Kubernetes: 6 secrets of successful teams

Kubernetes: 6 secrets of successful teams

Kubernetes will manage container and application complexity for you, but do you know how to play your part? Here are six significant things that high-performing teams do when successfully running Kubernetes in production

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4. They focus on resilience and ferret out weak spots

Consider testing as one of the crucial areas for automation.

Successful teams running Kubernetes in production don’t wait for failure and downtime; they plan for it. In fact, some teams actively seek it out. As a starting point, though, consider testing as one of the crucial areas for automation.

“Successful teams automate and test everything using declarative code and dynamically generated configuration specifications,” Dresden says. “Aside from necessary human approvals to authorize a change, all actions should be managed by test-driven, semantically versioned code in source control.”

To take it to the next level, you actually need to instigate failure rather than wait for it to occur. Some call this chaos engineering, a testing discipline made famous in IT circles by Netflix.

“Smart teams also constantly test their environment for resiliency using chaos-engineering techniques,” Dresden says. “Build unexpected downtime into all aspects of your service’s availability, budget for it, and practice it often. Site reliability engineers (SREs) have tools to randomize failures throughout the cluster, network, and cloud availability zones."

5. They don’t treat Kubernetes as a tool for every job

Given Kubernetes’ ascendant popularity, it might be easy to assume successful teams use it everywhere and for everything. Not so. Instead, they ask: Do we need it here? When the answer is “not really,” they act accordingly. Application fit matters. You’ll find some expert advice on evaluating that fit here.

“Kubernetes is, of course, a powerful platform – providing a system for deploying, managing, and scaling microservices. But while Kubernetes is powerful, it’s also overkill for many workloads,” says Jonathan LaCour, CTO at Mission. “Before diving headlong into Kubernetes, consider your requirements carefully to ensure that you are adopting Kubernetes for the right reasons. If you have a simple workload, choose a simpler path.”

While you can containerize a monolith, that isn’t necessarily the best idea.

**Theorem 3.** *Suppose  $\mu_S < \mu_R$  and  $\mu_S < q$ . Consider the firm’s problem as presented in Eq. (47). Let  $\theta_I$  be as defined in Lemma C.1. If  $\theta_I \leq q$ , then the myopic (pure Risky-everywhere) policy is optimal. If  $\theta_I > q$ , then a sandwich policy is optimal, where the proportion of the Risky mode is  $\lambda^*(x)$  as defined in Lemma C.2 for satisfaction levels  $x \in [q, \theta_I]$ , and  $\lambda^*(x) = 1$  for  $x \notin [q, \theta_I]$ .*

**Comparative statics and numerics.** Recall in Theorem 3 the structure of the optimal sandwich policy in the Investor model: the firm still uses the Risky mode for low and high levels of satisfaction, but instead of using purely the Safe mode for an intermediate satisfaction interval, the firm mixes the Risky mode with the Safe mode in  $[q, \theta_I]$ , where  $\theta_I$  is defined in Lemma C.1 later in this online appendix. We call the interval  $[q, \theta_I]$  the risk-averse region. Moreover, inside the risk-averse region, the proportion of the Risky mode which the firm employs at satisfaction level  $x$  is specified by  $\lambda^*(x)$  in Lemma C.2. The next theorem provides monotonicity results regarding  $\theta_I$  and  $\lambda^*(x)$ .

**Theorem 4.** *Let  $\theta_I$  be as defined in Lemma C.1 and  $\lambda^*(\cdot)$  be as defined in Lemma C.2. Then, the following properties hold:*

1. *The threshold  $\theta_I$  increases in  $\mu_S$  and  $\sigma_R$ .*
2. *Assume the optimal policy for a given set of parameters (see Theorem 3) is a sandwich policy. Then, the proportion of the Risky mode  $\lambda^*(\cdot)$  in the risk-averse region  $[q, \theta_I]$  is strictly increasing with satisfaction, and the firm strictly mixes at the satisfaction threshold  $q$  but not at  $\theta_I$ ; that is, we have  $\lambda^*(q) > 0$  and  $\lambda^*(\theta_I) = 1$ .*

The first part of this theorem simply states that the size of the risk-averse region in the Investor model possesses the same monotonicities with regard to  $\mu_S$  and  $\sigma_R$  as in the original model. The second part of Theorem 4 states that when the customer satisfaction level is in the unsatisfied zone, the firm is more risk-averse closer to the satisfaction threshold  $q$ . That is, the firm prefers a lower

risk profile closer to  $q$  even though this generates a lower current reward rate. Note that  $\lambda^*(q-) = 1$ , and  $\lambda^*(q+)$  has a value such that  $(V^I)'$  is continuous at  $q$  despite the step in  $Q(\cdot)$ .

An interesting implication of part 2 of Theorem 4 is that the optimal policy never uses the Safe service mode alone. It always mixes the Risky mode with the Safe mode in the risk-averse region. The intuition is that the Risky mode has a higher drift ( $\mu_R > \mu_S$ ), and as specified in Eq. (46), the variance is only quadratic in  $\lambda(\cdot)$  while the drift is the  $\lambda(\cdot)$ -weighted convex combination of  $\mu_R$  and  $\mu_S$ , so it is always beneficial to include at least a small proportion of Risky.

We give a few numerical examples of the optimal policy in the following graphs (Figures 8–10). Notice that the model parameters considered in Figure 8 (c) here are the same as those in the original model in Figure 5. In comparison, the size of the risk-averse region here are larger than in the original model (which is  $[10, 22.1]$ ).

Jana from AllCloud notes one example in an application fit context: While you can containerize a monolith, that isn’t necessarily the best idea.

“To fully utilize Kubernetes’ capabilities, you need to refactor in most cases your monolith or semi-microservice to become a real microservice, [guided by] the 12-factor [methodology],” Jana says. “This will make sure your application is running as smoothly as it can on Kubernetes and you can scale quickly and avoid bad practices.”

6. They take security seriously

The Kubernetes community has shown a strong commitment to security, and that’s a great thing. There are also a wealth of resources and tools already available that focus on Kubernetes and cloud-native security needs.

That said, Kubernetes does bring with it new risks. These can be mitigated, but only if you’re paying attention and implementing best practices – another characteristic of successful teams.

“Security is of utmost importance,” says Deo from CloudBolt. He points to native Kubernetes features such as role-based access control (RBAC) and the general security practice of identity and access management (IAM) as key examples. Check out the 4 strategic tips for Kubernetes security we’ve shared previously, as well as 5 mistakes to avoid.

Benjy Portnoy, director, DevSecOps at Aqua Security, says that successful Kubernetes work depends on a team that embraces the importance of security regardless of role or job title. You might have guessed it from the job title, but Portnoy is a proponent of DevSecOps culture too.

“DevSecOps can help foster collaboration so that security becomes an essential part of both the application lifecycle as well as the infrastructure security,” Portnoy says. “The complexity of Kubernetes deployments and potentially insecure default settings can have an adverse impact on security management and visibility, while traditional security tools, processes, and procedures can be perceived as a hindrance when not automated and embedded into the application lifecycle early on.”

Portnoy recommends the Center of Internet Security’s (CIS) Kubernetes Benchmark as a resource for ensuring your cluster is securely configured. Aqua also offers an open source tool, kube-bench, to check your cluster against CIS’s best practices. No matter the tools and tactics you choose, security vigilance is a key ingredient to Kubernetes and cloud-native success.

“Organizations should continuously monitor Kubernetes deployments for vulnerabilities and security risks while pursuing a shared responsibility model between security and DevOps teams,” Portnoy says.

[ Want to learn more about building and deploying Operators? Get the free eBook: O'Reilly: Kubernetes Operators: Automating the Container Orchestration Platform. ]

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